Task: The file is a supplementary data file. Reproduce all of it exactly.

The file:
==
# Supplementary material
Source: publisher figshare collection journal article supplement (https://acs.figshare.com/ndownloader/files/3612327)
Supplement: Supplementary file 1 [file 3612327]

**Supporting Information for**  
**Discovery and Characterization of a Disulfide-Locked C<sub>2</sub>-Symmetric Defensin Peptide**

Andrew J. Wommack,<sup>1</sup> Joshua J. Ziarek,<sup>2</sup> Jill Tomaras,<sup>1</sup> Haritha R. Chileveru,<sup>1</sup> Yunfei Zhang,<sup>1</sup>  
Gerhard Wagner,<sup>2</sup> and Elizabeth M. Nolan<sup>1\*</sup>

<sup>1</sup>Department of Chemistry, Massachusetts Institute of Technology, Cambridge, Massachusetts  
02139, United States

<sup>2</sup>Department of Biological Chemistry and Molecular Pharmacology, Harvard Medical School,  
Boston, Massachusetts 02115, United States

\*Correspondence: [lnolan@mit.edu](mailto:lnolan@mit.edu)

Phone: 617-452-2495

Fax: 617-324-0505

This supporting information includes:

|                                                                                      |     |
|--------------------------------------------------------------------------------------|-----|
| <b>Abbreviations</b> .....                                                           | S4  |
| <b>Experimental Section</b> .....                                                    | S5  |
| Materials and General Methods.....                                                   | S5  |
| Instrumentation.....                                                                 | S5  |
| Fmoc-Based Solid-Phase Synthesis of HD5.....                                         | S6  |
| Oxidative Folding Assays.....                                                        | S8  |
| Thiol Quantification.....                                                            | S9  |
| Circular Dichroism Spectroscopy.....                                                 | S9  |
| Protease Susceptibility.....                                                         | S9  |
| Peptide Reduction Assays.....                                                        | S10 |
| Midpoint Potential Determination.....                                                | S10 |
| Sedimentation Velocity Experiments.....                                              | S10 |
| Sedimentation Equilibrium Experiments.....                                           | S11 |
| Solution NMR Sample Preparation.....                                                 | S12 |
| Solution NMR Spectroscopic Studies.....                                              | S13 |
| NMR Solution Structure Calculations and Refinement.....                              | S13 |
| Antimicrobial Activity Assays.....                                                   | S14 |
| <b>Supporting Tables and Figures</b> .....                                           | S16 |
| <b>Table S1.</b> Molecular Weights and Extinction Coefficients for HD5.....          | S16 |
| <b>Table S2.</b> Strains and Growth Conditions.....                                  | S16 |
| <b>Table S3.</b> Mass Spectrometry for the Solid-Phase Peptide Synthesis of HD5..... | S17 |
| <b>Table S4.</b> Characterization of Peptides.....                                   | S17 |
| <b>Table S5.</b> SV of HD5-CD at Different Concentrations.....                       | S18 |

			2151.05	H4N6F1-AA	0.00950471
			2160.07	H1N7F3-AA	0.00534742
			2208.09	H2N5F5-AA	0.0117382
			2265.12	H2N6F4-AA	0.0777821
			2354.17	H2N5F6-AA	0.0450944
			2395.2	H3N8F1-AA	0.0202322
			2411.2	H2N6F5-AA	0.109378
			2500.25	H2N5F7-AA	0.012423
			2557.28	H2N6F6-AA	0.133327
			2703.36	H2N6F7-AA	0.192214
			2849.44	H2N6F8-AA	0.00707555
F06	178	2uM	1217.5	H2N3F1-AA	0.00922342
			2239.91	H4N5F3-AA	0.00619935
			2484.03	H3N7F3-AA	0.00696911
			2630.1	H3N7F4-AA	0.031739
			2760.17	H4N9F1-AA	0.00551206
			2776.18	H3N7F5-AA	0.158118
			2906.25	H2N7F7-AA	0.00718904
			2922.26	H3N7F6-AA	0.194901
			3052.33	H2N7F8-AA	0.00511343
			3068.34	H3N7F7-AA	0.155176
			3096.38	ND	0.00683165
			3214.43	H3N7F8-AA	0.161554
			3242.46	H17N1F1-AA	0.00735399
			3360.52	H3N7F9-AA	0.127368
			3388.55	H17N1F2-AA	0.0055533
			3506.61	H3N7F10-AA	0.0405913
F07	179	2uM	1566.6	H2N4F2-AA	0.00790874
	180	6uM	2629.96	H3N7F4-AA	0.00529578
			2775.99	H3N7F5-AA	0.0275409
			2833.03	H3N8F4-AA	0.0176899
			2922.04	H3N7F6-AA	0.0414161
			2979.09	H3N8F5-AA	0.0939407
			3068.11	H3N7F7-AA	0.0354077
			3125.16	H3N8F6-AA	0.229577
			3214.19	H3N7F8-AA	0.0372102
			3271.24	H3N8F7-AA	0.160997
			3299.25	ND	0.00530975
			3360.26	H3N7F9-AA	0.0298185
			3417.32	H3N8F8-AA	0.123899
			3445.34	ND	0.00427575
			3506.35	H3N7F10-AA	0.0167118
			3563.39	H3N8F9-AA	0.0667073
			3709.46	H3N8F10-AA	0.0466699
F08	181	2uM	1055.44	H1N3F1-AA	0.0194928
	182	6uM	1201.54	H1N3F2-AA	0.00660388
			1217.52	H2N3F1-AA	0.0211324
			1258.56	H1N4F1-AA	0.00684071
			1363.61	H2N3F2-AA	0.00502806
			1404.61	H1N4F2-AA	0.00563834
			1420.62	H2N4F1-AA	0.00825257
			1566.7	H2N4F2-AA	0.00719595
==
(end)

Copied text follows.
# Supplementary material
Source: publisher figshare collection journal article supplement (https://acs.figshare.com/ndownloader/files/3612327)
Supplement: Supplementary file 1 [file 3612327]

**Supporting Information for**  
**Discovery and Characterization of a Disulfide-Locked C<sub>2</sub>-Symmetric Defensin Peptide**

Andrew J. Wommack,<sup>1</sup> Joshua J. Ziarek,<sup>2</sup> Jill Tomaras,<sup>1</sup> Haritha R. Chileveru,<sup>1</sup> Yunfei Zhang,<sup>1</sup>  
Gerhard Wagner,<sup>2</sup> and Elizabeth M. Nolan<sup>1\*</sup>

<sup>1</sup>Department of Chemistry, Massachusetts Institute of Technology, Cambridge, Massachusetts  
02139, United States

<sup>2</sup>Department of Biological Chemistry and Molecular Pharmacology, Harvard Medical School,  
Boston, Massachusetts 02115, United States

\*Correspondence: [lnolan@mit.edu](mailto:lnolan@mit.edu)

Phone: 617-452-2495

Fax: 617-324-0505

This supporting information includes:

|                                                                                      |     |
|--------------------------------------------------------------------------------------|-----|
| <b>Abbreviations</b> .....                                                           | S4  |
| <b>Experimental Section</b> .....                                                    | S5  |
| Materials and General Methods.....                                                   | S5  |
| Instrumentation.....                                                                 | S5  |
| Fmoc-Based Solid-Phase Synthesis of HD5.....                                         | S6  |
| Oxidative Folding Assays.....                                                        | S8  |
| Thiol Quantification.....                                                            | S9  |
| Circular Dichroism Spectroscopy.....                                                 | S9  |
| Protease Susceptibility.....                                                         | S9  |
| Peptide Reduction Assays.....                                                        | S10 |
| Midpoint Potential Determination.....                                                | S10 |
| Sedimentation Velocity Experiments.....                                              | S10 |
| Sedimentation Equilibrium Experiments.....                                           | S11 |
| Solution NMR Sample Preparation.....                                                 | S12 |
| Solution NMR Spectroscopic Studies.....                                              | S13 |
| NMR Solution Structure Calculations and Refinement.....                              | S13 |
| Antimicrobial Activity Assays.....                                                   | S14 |
| <b>Supporting Tables and Figures</b> .....                                           | S16 |
| <b>Table S1.</b> Molecular Weights and Extinction Coefficients for HD5.....          | S16 |
| <b>Table S2.</b> Strains and Growth Conditions.....                                  | S16 |
| <b>Table S3.</b> Mass Spectrometry for the Solid-Phase Peptide Synthesis of HD5..... | S17 |
| <b>Table S4.</b> Characterization of Peptides.....                                   | S17 |
| <b>Table S5.</b> SV of HD5-CD at Different Concentrations.....                       | S18 |

			2151.05	H4N6F1-AA	0.00950471
			2160.07	H1N7F3-AA	0.00534742
			2208.09	H2N5F5-AA	0.0117382
			2265.12	H2N6F4-AA	0.0777821
			2354.17	H2N5F6-AA	0.0450944
			2395.2	H3N8F1-AA	0.0202322
			2411.2	H2N6F5-AA	0.109378
			2500.25	H2N5F7-AA	0.012423
			2557.28	H2N6F6-AA	0.133327
			2703.36	H2N6F7-AA	0.192214
			2849.44	H2N6F8-AA	0.00707555
F06	178	2uM	1217.5	H2N3F1-AA	0.00922342
			2239.91	H4N5F3-AA	0.00619935
			2484.03	H3N7F3-AA	0.00696911
			2630.1	H3N7F4-AA	0.031739
			2760.17	H4N9F1-AA	0.00551206
			2776.18	H3N7F5-AA	0.158118
			2906.25	H2N7F7-AA	0.00718904
			2922.26	H3N7F6-AA	0.194901
			3052.33	H2N7F8-AA	0.00511343
			3068.34	H3N7F7-AA	0.155176
			3096.38	ND	0.00683165
			3214.43	H3N7F8-AA	0.161554
			3242.46	H17N1F1-AA	0.00735399
			3360.52	H3N7F9-AA	0.127368
			3388.55	H17N1F2-AA	0.0055533
			3506.61	H3N7F10-AA	0.0405913
F07	179	2uM	1566.6	H2N4F2-AA	0.00790874
	180	6uM	2629.96	H3N7F4-AA	0.00529578
			2775.99	H3N7F5-AA	0.0275409
			2833.03	H3N8F4-AA	0.0176899
			2922.04	H3N7F6-AA	0.0414161
			2979.09	H3N8F5-AA	0.0939407
			3068.11	H3N7F7-AA	0.0354077
			3125.16	H3N8F6-AA	0.229577
			3214.19	H3N7F8-AA	0.0372102
			3271.24	H3N8F7-AA	0.160997
			3299.25	ND	0.00530975
			3360.26	H3N7F9-AA	0.0298185
			3417.32	H3N8F8-AA	0.123899
			3445.34	ND	0.00427575
			3506.35	H3N7F10-AA	0.0167118
			3563.39	H3N8F9-AA	0.0667073
			3709.46	H3N8F10-AA	0.0466699
F08	181	2uM	1055.44	H1N3F1-AA	0.0194928
	182	6uM	1201.54	H1N3F2-AA	0.00660388
			1217.52	H2N3F1-AA	0.0211324
			1258.56	H1N4F1-AA	0.00684071
			1363.61	H2N3F2-AA	0.00502806
			1404.61	H1N4F2-AA	0.00563834
			1420.62	H2N4F1-AA	0.00825257
			1566.7	H2N4F2-AA	0.00719595